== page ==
"I would love to know the answer to that myself," he replied. "So why don't you let me go outside so I can climb that tree and study them more closely?"

Thursday, August 25, 2011

Smarter Cars?

Is it just me, or are there more "city cars" in the city these days? I think I'm seeing more Minis, Beetles, Smart Cars, and other compact models — and lots of Priuses, as ever. But I'm wondering if there are fewer "boats," as we call SUVs and other gigantic cars hogging the resident parking spots in Back Bay.


Maybe they're all spending the summer on the Cape, but I'm keeping my fingers crosssed.

Shoe Dilemmas

Unlike most women, I have only five pairs of shoes in my closet:
  1. Bronze Ferragamo T-straps, my wedding shoes ($13.12 — a moment of silence for the original Filene's Basement)
  2. Bronze Me Too ballet flats, synthetic lining horribly deteriorated.
  3. Brown Timberland rubber-soled slides, look like elf clogs, require thick socks.
  4. Black Ferragamo heels with sexy, slender T-straps. Perfect shoes. ($43, Second Time Around. They're size 8AA, so it's a triple miracle that I spotted them, tried them on my 7B foot anyhow, and they fit perfectly).
  5. Black Easy Spirit mid-heeled shoe-boots (shooties? booes?) with tiny side zippers. Like boots, only shorter, these need opaque tights.
Those are my shoes. The last pair is new, the others are between 4 and 14 years old. Before you start thinking that I'm one of those possession-discarding Minimalists, let me assure you that my closet is nevertheless packed with boots, rubber flip-flops, and lots of painful sandals that are shiny-new so I can't get rid of them without guilt. (It is my fate to buy a carefully considered, likely-looking pair of sandals every darn spring, imagining they'll be so comfortable I'll wear them to shreds. But reality always bites within the first hour I wear them out of the house. When flip flops are ridiculously inappropriate, I resort to two pairs that hurt only after awhile, despite years of "breaking in.")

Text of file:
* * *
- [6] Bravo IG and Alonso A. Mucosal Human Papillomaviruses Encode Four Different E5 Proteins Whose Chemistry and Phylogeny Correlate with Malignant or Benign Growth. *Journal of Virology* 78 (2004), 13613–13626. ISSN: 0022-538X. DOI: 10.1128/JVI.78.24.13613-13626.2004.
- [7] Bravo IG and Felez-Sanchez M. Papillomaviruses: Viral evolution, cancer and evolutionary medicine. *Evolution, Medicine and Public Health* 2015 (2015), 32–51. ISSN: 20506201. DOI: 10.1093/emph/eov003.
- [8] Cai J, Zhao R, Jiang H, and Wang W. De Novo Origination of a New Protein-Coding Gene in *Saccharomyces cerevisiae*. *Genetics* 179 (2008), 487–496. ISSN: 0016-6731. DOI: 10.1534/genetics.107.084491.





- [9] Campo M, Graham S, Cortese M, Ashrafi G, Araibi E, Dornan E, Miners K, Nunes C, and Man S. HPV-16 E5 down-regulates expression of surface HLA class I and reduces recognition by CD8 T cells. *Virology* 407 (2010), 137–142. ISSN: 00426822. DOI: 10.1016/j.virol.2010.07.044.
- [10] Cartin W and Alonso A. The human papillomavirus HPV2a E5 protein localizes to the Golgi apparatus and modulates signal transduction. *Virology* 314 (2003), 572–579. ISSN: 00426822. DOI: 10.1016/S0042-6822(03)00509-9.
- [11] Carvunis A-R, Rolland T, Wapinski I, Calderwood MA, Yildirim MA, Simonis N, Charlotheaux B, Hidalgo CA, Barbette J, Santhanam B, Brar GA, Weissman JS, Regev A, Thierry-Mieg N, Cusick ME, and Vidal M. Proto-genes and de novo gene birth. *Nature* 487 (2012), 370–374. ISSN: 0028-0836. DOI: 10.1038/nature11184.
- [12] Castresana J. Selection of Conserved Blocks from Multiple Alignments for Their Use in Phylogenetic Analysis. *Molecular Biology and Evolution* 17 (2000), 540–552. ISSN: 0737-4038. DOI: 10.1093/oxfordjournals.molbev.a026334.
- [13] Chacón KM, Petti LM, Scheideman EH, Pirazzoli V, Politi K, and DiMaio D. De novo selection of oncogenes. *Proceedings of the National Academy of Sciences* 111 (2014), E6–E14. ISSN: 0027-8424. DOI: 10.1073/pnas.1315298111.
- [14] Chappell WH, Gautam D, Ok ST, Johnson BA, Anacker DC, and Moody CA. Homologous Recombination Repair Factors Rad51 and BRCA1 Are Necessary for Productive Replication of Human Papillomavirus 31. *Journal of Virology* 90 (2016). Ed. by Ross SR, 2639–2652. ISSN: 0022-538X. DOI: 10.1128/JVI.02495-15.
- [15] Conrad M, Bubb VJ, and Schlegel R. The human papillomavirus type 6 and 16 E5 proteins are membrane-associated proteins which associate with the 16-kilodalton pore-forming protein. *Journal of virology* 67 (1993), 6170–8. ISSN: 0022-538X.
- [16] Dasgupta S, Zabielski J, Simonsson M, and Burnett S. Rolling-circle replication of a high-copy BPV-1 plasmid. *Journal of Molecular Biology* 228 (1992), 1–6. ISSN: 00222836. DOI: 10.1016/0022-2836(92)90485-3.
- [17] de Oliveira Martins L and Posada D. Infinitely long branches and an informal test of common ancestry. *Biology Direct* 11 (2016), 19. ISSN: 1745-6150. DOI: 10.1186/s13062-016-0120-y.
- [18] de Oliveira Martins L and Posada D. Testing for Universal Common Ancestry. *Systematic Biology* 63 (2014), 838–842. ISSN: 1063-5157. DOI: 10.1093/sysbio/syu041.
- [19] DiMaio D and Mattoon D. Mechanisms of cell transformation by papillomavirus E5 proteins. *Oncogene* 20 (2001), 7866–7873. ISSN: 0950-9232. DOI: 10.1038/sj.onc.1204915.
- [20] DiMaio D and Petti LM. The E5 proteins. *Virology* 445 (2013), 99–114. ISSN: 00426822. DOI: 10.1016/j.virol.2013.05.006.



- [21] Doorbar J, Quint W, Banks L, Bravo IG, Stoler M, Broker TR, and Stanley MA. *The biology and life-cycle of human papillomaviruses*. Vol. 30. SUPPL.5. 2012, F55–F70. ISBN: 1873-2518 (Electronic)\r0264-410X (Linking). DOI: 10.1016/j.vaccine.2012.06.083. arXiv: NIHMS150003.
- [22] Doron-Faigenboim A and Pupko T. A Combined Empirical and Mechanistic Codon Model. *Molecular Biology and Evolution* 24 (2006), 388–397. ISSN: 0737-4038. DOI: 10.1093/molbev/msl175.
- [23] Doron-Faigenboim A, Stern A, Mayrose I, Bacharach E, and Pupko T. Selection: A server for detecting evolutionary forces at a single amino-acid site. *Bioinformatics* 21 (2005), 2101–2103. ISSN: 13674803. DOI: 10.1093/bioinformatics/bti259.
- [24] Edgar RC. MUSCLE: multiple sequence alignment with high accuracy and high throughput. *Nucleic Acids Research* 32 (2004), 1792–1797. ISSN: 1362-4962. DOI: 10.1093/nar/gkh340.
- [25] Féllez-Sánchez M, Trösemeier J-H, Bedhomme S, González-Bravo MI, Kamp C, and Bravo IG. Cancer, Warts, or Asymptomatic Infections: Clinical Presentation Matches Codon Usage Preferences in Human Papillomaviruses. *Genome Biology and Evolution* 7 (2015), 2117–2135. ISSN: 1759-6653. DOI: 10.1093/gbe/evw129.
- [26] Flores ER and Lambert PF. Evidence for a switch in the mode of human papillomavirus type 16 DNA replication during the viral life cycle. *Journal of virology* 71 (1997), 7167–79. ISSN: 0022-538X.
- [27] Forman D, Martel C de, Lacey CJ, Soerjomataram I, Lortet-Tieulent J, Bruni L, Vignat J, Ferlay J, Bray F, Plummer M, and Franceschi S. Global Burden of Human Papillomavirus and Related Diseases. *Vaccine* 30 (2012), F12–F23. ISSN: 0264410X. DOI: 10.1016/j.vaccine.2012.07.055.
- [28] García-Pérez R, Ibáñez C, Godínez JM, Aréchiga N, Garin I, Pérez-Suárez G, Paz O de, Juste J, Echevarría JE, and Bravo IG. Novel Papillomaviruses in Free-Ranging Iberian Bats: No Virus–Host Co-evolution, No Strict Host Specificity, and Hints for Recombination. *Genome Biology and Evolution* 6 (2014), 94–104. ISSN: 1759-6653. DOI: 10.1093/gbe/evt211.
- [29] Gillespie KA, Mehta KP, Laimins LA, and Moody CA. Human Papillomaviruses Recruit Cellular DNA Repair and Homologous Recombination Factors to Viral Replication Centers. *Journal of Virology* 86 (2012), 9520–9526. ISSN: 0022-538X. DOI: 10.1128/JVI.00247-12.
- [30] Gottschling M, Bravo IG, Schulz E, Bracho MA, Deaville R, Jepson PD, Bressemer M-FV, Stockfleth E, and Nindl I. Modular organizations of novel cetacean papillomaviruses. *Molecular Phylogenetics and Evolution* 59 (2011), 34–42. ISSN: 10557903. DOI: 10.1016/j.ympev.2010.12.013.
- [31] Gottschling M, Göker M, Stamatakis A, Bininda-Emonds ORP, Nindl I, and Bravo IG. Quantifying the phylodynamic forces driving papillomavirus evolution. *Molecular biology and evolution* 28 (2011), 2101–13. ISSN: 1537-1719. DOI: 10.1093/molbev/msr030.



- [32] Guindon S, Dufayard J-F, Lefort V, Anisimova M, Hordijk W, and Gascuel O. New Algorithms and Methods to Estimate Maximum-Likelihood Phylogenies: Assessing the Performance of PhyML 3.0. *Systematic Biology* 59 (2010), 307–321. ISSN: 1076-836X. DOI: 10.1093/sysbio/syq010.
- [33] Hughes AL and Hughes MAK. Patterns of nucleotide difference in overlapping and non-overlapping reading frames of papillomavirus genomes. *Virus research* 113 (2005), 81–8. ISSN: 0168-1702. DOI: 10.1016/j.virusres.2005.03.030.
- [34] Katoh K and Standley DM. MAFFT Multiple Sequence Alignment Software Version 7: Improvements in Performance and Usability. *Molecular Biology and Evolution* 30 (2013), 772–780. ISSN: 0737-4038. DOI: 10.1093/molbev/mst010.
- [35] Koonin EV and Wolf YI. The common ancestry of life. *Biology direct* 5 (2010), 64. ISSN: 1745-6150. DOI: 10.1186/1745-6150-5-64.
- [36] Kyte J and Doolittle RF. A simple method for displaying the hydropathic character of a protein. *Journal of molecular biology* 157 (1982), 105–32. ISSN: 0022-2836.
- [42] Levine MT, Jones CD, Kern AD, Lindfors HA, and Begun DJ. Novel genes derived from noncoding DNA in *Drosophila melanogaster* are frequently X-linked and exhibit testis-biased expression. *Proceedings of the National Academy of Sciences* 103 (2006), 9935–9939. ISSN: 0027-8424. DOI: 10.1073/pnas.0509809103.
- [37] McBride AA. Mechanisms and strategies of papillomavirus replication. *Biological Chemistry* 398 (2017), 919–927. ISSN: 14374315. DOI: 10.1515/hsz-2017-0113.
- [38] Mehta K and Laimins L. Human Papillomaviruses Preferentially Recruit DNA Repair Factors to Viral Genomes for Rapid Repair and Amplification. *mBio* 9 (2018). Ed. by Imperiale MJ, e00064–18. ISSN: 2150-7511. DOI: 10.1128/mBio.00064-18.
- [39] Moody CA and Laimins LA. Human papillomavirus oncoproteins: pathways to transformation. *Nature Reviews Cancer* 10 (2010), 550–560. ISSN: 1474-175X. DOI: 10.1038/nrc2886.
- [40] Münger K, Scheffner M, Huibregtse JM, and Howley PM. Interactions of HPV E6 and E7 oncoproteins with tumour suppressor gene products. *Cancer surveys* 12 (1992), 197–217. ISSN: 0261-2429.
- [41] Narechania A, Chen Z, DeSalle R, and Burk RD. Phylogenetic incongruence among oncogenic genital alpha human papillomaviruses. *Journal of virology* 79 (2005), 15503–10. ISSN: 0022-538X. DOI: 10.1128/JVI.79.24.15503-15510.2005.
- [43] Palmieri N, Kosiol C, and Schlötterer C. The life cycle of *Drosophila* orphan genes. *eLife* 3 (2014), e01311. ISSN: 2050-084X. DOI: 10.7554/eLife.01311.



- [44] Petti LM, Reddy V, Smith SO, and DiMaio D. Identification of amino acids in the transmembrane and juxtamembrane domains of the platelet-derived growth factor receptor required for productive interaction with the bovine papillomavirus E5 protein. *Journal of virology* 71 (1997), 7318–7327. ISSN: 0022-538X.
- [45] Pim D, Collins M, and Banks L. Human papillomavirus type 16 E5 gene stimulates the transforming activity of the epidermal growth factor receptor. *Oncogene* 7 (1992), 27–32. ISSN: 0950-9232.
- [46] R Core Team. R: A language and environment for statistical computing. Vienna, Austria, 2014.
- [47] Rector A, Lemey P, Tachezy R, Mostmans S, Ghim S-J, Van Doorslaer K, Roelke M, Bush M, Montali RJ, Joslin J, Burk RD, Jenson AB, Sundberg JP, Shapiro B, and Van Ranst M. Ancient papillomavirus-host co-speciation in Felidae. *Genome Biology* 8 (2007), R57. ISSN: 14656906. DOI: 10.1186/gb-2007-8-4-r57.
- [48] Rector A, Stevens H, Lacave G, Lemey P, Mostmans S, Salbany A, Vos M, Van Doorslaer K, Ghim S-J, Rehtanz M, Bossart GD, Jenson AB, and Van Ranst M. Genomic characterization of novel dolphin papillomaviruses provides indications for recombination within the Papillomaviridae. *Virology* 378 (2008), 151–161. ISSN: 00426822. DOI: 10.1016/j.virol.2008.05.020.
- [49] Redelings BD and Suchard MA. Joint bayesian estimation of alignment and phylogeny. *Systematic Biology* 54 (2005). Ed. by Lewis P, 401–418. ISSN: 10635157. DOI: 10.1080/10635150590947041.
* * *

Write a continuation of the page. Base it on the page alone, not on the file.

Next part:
But women need shoes. I love shoes. It's too bad they don't love me. I keep trying to find winners, in fits and starts, like when the seasons are changing and I feel a burst of optimism. My chief excuse is that I occasionally need to look respectable and I hate scrambling around at the last minute for a decent ensemble that doesn't exist. Plus, I suspect that it's a major Fashion Don't for a woman of my age and situation to spend half the year in flip flops. Surely one should have a more fashionable, age-appropriate alternative for all those weeks between May and November. Something attractive and "fun" that one can easily walk a few miles in — is that just too much to ask? Yes.